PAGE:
Quantitative PCR (qPCR) (user operated)
For usage prices please see our Rates page. To reserve time please go to our Reservation and Billing site.
We maintain four instruments for real time quantitative PCR
Biorad CFX 96, CFX Connect x 3
- The Genomics Core offers workshops in qPCR theory and practice multiple times per year. Please watch for announcements. If you are new to this method we strongly advise you to attend. It will help to avoid making common mistakes that can be time consuming and very costly.
- Following individual or group training, instruments can be operated in the Core for a modest time-based fee.
- At a linear phase of amplification, the detection of PCR products (and their corresponding mRNAs) is limited only by the quantity of template. Thus, qPCR provides a sensitive and accurate determination of relative or absolute mRNA abundance and gene expression compared to RT PCR, which measures mRNA abundance at a fixed time point.
- qPCR has many applications including absolute and relative gene expression, copy number, miRNA, allelic discrimination, detection of viral or bacterial genomes, and 16S ribosomal genes for metagenomics.
Detects five colors which is useful for Taqman and other probe-based detection methods
CFX Connect (three instruments)
Detects two colors and is designed for SYBR Green detection which is the most common detection method used at UCR
- The CFX 96 instrument has optional software to run and interpret high resolution melt curves for allelic descrimination.
- All instruments use a 96-well plate format for quantitative PCR.
- The CFX 96 is capable of multiplexing up to five different fluorphores providing the capability of multiple TaqMan probes.
- All of the instruments detect intercalating dyes such as SYBR Green, which provides a lower cost option utilized by most customers.
- Users can designate up to 6 different primer sets per plate for analysis.
- The CFX and CFX Connect instruments use LED light sources. They are very reliable and reproducible.
- All software is very intuitive.
- Analysis capability includes not only the determination of Cq values, but also the ability to generate histograms and link data across experiments.
- Important note about plates: The Biorad CFX machines require a low profile plate. See our staff about plates and other materials if you are new to qPCR.
- Note that our instruments are calibrated for use with clear films, not caps.
Useful resources for qPCR General Theory. There are many resources for learning about qPCR. Also, we have a slide set which describes both the theory and some practical tips that beginning users will find helpful. We offer regular workshops on qPCR theory and practice. Watch for the announcements.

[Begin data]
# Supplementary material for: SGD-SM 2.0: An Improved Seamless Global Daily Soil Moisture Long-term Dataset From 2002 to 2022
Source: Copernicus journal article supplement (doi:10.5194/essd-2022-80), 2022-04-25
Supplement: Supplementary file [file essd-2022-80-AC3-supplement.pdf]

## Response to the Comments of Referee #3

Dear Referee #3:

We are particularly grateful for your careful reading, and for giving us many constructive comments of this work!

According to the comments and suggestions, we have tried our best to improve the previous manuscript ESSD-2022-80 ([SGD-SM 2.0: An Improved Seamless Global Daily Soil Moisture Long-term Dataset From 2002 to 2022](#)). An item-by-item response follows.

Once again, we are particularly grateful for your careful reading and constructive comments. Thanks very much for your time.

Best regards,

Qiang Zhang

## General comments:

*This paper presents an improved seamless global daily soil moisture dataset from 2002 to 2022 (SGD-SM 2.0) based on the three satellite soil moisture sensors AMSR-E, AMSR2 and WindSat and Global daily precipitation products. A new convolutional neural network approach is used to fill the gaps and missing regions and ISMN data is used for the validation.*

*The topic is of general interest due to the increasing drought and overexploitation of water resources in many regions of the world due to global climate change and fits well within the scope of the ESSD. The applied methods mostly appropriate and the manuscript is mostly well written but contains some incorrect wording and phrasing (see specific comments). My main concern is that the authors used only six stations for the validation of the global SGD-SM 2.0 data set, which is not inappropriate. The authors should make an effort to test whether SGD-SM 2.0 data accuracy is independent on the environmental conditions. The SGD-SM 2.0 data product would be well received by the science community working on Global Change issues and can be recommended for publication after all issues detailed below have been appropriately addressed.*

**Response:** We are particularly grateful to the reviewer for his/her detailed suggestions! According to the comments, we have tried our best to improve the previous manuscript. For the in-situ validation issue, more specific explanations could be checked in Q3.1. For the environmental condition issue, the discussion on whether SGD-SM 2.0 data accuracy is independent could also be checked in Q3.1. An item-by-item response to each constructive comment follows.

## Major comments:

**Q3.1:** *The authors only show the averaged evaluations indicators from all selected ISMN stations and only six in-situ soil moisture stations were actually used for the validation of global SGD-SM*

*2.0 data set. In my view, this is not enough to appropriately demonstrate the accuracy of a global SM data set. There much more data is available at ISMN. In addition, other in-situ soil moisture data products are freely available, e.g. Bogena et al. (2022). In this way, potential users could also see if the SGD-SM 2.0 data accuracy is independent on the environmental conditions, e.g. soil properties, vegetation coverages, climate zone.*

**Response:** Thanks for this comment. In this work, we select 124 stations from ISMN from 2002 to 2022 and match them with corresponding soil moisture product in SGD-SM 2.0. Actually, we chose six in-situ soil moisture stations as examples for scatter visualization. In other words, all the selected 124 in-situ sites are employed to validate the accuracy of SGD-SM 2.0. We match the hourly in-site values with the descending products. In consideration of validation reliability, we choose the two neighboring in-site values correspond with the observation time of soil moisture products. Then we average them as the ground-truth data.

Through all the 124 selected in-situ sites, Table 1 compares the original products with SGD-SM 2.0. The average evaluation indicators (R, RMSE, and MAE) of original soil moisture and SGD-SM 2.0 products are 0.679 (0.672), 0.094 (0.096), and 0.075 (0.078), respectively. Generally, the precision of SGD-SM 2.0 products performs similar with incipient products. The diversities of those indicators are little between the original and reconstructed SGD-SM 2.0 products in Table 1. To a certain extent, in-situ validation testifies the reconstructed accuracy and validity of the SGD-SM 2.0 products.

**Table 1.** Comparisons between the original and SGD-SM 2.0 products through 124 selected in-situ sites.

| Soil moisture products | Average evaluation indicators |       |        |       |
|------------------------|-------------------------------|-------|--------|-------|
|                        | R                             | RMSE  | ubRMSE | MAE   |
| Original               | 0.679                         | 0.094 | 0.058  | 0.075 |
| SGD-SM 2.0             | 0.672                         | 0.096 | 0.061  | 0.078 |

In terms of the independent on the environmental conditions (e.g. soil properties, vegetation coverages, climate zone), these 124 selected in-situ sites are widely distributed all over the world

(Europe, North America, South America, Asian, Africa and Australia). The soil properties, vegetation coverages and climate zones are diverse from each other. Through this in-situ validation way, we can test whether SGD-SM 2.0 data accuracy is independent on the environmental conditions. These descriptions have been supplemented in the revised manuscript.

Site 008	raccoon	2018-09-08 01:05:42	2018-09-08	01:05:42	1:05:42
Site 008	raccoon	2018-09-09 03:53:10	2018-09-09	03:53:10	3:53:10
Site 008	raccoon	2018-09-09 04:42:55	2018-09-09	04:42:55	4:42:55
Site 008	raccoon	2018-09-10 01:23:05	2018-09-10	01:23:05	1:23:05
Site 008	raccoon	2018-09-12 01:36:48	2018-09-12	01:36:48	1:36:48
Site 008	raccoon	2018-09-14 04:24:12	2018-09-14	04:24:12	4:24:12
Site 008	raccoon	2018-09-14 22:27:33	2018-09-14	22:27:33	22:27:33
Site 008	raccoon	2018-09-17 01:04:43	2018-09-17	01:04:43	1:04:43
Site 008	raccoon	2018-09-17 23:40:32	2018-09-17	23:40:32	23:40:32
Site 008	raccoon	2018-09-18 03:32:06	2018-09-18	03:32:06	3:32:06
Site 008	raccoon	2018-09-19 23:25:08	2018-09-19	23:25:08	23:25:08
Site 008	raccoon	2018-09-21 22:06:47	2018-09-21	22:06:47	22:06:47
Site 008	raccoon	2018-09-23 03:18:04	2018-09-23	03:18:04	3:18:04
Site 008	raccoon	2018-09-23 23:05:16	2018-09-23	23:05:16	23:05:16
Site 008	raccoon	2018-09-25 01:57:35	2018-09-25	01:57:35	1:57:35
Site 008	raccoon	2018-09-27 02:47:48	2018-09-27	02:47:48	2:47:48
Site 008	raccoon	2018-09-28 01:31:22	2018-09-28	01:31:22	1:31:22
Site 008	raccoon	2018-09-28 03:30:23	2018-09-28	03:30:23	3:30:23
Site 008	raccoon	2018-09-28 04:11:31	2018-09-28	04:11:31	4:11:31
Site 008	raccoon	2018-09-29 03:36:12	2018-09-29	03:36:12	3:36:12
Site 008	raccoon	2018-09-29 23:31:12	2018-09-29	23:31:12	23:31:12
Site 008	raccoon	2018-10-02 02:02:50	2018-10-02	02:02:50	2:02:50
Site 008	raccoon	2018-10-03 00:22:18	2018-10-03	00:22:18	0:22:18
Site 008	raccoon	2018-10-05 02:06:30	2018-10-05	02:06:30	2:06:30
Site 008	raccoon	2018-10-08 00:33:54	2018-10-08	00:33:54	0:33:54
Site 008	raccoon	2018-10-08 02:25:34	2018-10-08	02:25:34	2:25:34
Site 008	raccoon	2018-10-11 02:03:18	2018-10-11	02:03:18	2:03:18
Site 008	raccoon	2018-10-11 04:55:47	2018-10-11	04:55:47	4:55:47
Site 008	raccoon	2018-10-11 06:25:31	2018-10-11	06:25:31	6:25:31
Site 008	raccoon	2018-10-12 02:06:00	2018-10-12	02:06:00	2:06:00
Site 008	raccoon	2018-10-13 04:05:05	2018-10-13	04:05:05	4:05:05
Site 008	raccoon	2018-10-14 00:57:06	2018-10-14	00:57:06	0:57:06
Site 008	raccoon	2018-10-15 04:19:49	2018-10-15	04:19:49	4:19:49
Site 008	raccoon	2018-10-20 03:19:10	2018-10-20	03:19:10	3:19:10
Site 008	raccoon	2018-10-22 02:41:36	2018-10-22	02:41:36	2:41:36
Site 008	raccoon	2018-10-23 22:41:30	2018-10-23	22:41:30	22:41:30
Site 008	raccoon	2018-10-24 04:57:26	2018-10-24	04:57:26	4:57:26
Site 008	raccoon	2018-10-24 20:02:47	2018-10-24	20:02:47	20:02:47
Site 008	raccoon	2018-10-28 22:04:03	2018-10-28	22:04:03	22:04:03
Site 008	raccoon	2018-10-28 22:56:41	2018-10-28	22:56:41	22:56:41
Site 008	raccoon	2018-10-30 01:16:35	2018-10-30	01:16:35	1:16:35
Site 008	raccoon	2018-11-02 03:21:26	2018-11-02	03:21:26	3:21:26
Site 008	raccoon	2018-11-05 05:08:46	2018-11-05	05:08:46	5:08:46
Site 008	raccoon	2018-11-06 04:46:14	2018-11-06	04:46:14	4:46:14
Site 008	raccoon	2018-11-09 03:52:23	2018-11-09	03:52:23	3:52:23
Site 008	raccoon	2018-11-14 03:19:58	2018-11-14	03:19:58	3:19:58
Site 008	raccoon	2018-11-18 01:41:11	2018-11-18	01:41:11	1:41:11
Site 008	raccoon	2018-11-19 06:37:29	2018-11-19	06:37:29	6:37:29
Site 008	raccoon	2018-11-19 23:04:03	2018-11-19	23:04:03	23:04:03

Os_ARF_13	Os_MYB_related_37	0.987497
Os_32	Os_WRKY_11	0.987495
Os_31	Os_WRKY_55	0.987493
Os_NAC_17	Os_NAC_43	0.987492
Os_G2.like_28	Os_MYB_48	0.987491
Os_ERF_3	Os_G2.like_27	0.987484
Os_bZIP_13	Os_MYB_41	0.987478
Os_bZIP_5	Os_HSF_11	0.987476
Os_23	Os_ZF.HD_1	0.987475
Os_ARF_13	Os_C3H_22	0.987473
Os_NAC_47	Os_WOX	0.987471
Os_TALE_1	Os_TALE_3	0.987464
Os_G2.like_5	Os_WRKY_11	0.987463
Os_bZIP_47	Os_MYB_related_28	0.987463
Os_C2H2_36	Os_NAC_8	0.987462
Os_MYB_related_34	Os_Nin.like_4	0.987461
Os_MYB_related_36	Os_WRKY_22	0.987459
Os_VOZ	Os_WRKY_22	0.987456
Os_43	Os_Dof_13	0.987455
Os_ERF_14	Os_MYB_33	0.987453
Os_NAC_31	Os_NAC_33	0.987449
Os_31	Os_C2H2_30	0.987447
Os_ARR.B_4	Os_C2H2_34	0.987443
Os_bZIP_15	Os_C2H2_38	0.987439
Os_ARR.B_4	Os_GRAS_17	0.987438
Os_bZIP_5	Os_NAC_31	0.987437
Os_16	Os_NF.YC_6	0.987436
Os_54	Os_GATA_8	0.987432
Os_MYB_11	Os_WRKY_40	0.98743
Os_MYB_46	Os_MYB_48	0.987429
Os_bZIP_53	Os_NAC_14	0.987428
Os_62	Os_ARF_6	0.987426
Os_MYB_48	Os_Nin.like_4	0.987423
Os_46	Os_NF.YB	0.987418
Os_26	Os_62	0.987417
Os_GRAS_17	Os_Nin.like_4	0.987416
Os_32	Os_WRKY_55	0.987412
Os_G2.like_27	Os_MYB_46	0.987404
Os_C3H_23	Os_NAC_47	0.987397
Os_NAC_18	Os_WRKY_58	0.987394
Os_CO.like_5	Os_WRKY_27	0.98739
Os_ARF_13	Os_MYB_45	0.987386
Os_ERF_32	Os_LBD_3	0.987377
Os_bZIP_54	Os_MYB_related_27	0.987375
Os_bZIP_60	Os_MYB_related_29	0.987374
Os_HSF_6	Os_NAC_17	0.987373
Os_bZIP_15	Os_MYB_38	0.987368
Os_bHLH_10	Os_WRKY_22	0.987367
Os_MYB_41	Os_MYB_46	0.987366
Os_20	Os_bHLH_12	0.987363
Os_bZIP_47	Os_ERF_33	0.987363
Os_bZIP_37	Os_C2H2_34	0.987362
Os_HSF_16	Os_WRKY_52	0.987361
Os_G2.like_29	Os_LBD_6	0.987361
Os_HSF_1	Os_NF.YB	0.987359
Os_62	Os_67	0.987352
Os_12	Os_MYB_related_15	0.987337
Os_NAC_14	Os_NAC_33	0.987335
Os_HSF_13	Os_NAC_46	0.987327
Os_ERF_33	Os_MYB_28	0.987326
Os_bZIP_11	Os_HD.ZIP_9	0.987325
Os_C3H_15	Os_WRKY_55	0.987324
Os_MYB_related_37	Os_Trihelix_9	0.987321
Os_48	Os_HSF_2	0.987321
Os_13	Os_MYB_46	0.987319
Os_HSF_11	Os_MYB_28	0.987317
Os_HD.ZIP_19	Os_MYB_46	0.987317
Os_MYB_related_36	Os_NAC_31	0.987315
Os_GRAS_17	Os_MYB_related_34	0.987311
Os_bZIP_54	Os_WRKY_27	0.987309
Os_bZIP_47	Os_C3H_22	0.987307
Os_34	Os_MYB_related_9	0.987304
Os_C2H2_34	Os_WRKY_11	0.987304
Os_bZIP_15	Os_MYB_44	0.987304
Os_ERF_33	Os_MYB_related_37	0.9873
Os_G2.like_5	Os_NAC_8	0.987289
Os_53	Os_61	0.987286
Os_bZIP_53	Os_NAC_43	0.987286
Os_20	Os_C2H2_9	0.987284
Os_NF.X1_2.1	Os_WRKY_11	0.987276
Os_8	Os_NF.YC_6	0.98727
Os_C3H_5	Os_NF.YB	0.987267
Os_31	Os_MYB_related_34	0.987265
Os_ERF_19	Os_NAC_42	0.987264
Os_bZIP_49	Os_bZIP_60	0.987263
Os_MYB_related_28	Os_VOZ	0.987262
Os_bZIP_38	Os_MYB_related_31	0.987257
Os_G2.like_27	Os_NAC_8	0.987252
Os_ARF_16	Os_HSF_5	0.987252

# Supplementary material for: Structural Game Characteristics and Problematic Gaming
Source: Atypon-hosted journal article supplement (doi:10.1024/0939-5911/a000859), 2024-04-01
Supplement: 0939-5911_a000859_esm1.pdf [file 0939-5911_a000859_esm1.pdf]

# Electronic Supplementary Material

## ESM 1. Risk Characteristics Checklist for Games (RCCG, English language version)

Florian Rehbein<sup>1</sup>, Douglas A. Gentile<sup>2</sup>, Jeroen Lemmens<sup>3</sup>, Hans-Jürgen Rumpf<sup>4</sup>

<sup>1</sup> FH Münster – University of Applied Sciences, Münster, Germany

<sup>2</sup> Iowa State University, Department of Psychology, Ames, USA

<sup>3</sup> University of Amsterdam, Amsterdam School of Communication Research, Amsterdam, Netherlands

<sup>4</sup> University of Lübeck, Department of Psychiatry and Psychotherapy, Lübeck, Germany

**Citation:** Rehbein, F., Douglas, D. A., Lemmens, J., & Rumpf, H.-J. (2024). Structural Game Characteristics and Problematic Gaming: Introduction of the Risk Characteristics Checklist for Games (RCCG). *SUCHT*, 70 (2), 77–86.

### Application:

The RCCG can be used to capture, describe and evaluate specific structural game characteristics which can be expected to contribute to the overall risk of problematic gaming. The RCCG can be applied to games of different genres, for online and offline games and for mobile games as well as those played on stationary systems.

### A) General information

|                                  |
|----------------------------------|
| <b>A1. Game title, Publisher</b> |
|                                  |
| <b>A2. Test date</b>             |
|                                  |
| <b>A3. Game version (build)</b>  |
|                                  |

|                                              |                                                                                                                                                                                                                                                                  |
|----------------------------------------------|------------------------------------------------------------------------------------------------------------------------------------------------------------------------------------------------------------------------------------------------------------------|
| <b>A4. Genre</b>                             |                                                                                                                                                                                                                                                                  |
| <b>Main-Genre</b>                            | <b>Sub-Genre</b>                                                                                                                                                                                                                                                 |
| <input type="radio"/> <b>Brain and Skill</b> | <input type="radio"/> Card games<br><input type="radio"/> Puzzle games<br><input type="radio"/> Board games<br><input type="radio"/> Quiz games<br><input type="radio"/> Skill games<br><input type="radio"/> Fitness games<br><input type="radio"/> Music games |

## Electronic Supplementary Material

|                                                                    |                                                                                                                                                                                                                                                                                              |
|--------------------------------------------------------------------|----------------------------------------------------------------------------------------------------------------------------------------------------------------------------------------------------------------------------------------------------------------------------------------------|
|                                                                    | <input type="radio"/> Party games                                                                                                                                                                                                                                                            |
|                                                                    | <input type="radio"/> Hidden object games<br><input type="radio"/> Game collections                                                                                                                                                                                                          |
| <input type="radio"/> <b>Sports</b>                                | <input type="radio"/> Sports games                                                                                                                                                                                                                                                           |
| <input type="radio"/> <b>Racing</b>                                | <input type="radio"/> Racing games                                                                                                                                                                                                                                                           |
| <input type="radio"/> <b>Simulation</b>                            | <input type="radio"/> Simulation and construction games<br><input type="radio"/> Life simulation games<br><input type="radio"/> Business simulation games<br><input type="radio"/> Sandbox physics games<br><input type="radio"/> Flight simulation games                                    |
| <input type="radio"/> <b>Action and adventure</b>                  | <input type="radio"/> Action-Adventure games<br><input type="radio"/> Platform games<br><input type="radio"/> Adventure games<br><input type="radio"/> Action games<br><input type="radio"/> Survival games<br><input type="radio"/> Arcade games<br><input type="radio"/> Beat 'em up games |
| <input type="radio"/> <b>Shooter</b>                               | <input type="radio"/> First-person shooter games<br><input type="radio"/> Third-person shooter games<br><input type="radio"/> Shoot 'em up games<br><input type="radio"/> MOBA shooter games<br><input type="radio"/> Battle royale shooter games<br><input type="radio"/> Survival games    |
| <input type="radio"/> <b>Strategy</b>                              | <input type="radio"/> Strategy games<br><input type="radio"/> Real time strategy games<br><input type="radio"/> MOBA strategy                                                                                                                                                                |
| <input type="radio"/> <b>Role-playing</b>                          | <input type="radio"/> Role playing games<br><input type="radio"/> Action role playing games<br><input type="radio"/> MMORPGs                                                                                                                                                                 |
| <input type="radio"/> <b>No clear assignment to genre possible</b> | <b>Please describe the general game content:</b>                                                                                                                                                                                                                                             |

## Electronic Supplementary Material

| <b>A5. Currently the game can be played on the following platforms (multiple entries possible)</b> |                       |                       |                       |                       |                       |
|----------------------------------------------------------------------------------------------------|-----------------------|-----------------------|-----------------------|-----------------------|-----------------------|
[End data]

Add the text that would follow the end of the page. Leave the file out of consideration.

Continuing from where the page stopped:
Guidelines for qPCR Reaction Setup and Operation. For a guide to reaction setup, see Guidelines for Biorad qPCR. Although there are many options, we recommend that first-time users obtain clear 96-well plates and clear film to seal plates from Biorad. We stock plates, sealers and reagents at discounted prices. Our inventory is posted outside the Genomics Core lab (2016 Keen Hall).
Software Availability. For the Biorad instruments, software is available for free so that users can analyze data on their own computer. See Core staff for a copy; the software is PC-based only. For Mac users we would suggest using Parallels that permits the running of Mac OS and Windows on the same computer.
Plate Setup Time
A frequent challenge for first-time qPCR users is plate setup. When starting for the first time, please remember to reserve the instrument of your choice and then allow yourself at least one hour to set up your first plate. Once you are used to the setup procedure, it goes much faster.
Inconsistent results are typically caused by pipetting errors during plate setup. With small reaction volumes (we recommend 20 or 25ul), such errors can affect your results. This is one reason we recommend, at least at first, that all reactions be done in triplicate. The instruments will provide you with the mean Cq values as well as the standard deviation, so outlying results can be identified.
Once you have established your conditions, it is important to titrate your cDNA template such that you use the minimum required to obtain Cq values between 10 and 30 cycles. In addition, once your conditions are established, you should make a standard curve of your primers utilizing different concentrations of template. The slope is a measure of efficiency. One hundred percent efficiency would mean that there is a perfect doubling of product at each cycle. Less than 100% efficiency should be accounted for in the final results. The instruments will calculate the efficiency for you, so this is not difficult to do and need only be done once or twice if your efficiencies are near 100%.
Primers should be designed such that the products are typically between 100bp and 200bp, although in practice much longer products may also work well. There is nothing special about qPCR primers. The key is to be sure they do not form dimers, secondary structures or are non-specific. If you are unsure of the specificity, test them first using conventional PCR and examine the product on a gel. A handy set of online tools for such analyses are available at the website for Integrated DNA technologies (IDT).
We are always available to help you design experiments, optimize or interpret data. If you wish to consult please contact the Genomics Core staff.